Sharing Is Caring

sharing
Today, I’m talking about sharing. I mentor women who are creative and healing entrepreneurs, so this is a topic I see all too frequently. Bear with me as I look at this important topic from several different viewpoints.

Let me first point out, that none of us create success in a vacuum. It’s impossible, since life is not a vacuum but an interweaving holographic energy experience. The most successful people understand how important it is to support others.

Even if you have not dealt directly with your potential clients, they feel you on an energetic level through your website, social media interaction, resource materials, products, services, and by how they observe you treating others.

My second point is that creative entrepreneurs (artists, designers, writers, etc.) get the word out about their skills by sharing their work online through their website and social media. The value in sharing is having people find out about them, contact them, visit their site, and ultimately, buy their work.

So, when others share a creative’s work online, it can potentially help get the ‘word out’.

That’s a good thing, right?!? Well, it depends!

Sharing is (Not Always) Caring

Once creatives upload files to their portfolio, website and/or social media, the file is then picked up by search engines for dissemination. The creative’s contact information is lost, and sometimes people download the image to share separately and fail to credit the artist.

The creative only benefits when people make a conscious decision to also share the creative entrepreneur’s contact info (web, portfolio, or social media link/s) when they share. Otherwise, it’s just another random file with an unknown source.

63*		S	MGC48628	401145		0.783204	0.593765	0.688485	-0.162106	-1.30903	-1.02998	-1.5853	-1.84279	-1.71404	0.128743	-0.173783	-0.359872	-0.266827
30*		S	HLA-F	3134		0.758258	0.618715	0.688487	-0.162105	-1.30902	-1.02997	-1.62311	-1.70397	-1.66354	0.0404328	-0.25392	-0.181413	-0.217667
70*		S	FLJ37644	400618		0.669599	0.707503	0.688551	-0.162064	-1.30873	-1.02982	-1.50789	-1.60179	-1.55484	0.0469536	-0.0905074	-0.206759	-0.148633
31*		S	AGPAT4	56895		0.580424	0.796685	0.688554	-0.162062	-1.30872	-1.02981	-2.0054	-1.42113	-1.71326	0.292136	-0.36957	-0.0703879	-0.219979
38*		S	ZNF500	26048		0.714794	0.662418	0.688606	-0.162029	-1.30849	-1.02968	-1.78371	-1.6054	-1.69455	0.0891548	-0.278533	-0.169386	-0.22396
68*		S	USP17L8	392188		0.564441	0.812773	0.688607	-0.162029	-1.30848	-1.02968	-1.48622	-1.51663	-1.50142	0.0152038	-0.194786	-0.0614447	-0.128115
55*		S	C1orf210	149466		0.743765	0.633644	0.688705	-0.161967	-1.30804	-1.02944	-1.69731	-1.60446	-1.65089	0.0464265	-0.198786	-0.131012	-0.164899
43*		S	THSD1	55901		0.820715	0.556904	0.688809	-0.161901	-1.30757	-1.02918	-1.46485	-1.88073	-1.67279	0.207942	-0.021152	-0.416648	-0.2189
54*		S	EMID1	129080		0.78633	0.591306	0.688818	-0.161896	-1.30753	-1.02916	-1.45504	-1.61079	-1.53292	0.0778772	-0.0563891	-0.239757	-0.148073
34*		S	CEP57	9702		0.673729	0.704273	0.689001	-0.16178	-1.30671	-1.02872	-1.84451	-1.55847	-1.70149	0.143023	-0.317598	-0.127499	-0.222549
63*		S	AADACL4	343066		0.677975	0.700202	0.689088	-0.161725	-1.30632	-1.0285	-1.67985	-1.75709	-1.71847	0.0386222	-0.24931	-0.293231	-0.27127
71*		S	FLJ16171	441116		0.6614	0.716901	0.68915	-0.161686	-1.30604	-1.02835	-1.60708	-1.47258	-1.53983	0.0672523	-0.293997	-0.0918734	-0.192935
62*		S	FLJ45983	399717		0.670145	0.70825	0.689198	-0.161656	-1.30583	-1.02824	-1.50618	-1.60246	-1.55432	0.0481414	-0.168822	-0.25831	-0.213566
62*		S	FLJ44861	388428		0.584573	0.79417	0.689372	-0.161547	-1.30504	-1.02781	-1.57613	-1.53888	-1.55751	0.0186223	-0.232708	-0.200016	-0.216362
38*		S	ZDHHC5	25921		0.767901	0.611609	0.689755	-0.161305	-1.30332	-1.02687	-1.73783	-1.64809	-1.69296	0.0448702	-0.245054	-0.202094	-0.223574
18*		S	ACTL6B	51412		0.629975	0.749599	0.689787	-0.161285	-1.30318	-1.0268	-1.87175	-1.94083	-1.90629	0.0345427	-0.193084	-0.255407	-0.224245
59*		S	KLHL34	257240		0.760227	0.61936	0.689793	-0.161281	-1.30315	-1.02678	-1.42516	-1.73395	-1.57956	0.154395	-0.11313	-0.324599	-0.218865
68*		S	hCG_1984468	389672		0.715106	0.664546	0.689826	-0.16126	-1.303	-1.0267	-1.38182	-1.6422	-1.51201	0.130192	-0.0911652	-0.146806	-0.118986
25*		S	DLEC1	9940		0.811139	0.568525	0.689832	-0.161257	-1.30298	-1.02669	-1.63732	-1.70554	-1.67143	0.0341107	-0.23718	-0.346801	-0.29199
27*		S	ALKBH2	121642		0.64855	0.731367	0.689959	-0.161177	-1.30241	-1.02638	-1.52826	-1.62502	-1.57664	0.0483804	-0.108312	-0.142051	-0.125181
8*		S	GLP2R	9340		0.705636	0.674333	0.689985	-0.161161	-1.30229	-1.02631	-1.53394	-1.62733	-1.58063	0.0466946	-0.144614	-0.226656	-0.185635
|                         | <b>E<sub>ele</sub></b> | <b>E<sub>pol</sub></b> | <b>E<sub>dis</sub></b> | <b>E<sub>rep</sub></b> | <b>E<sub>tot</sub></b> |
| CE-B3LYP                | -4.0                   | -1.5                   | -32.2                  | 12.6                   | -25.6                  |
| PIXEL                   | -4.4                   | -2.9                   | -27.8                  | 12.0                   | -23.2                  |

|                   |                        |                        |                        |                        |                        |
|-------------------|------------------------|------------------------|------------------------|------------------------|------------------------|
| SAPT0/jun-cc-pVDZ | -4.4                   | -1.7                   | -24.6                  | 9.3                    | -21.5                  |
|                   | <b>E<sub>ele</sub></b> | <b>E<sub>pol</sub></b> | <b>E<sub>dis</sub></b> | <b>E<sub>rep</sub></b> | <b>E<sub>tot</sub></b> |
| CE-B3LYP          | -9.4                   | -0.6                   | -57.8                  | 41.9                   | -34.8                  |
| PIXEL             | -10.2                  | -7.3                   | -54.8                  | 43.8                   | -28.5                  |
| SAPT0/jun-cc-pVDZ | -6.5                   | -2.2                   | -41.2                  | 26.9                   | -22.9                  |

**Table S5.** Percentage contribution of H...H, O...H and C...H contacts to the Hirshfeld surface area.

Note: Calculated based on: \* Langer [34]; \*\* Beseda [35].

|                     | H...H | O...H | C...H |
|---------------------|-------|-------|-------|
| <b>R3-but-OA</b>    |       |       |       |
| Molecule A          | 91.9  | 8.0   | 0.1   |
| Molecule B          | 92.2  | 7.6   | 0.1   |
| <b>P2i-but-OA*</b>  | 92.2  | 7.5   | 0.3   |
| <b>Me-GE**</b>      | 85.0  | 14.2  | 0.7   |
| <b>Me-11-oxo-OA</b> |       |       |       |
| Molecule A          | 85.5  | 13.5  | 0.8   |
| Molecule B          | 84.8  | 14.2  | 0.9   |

The internet, particularly social media, has made it very easy to blindly share visuals without crediting the artist or providing links back to the creative. The excuses for not giving credit are many…and they are bogus.

The image at the top of this post is a perfect example.

Artist, Martina Hoffmann created this gorgeous image of the hummingbird, and she shared it on her facebook feed. It also appears on her website portfolio. Search engines picked up her image, and people who saw it began sharing the image.

You can see why: It’s gorgeous, great colors, beautiful flow, nice composition, many layers of meaning embedded in it, has a hummingbird, etc. It’s easy to see why people would love and be drawn to this image!

Problem is, without sharing who created it, the artist has no way to benefit from the sharing. No one will visit their site, or refer others, and no one with know where or how to buy the image. The link between the creative and the work is lost, and the point of sharing the image is invalidated!

It would be best for all involved to become aware of this issue, and take the time to credit the creative whose work they share.

Insult to Injury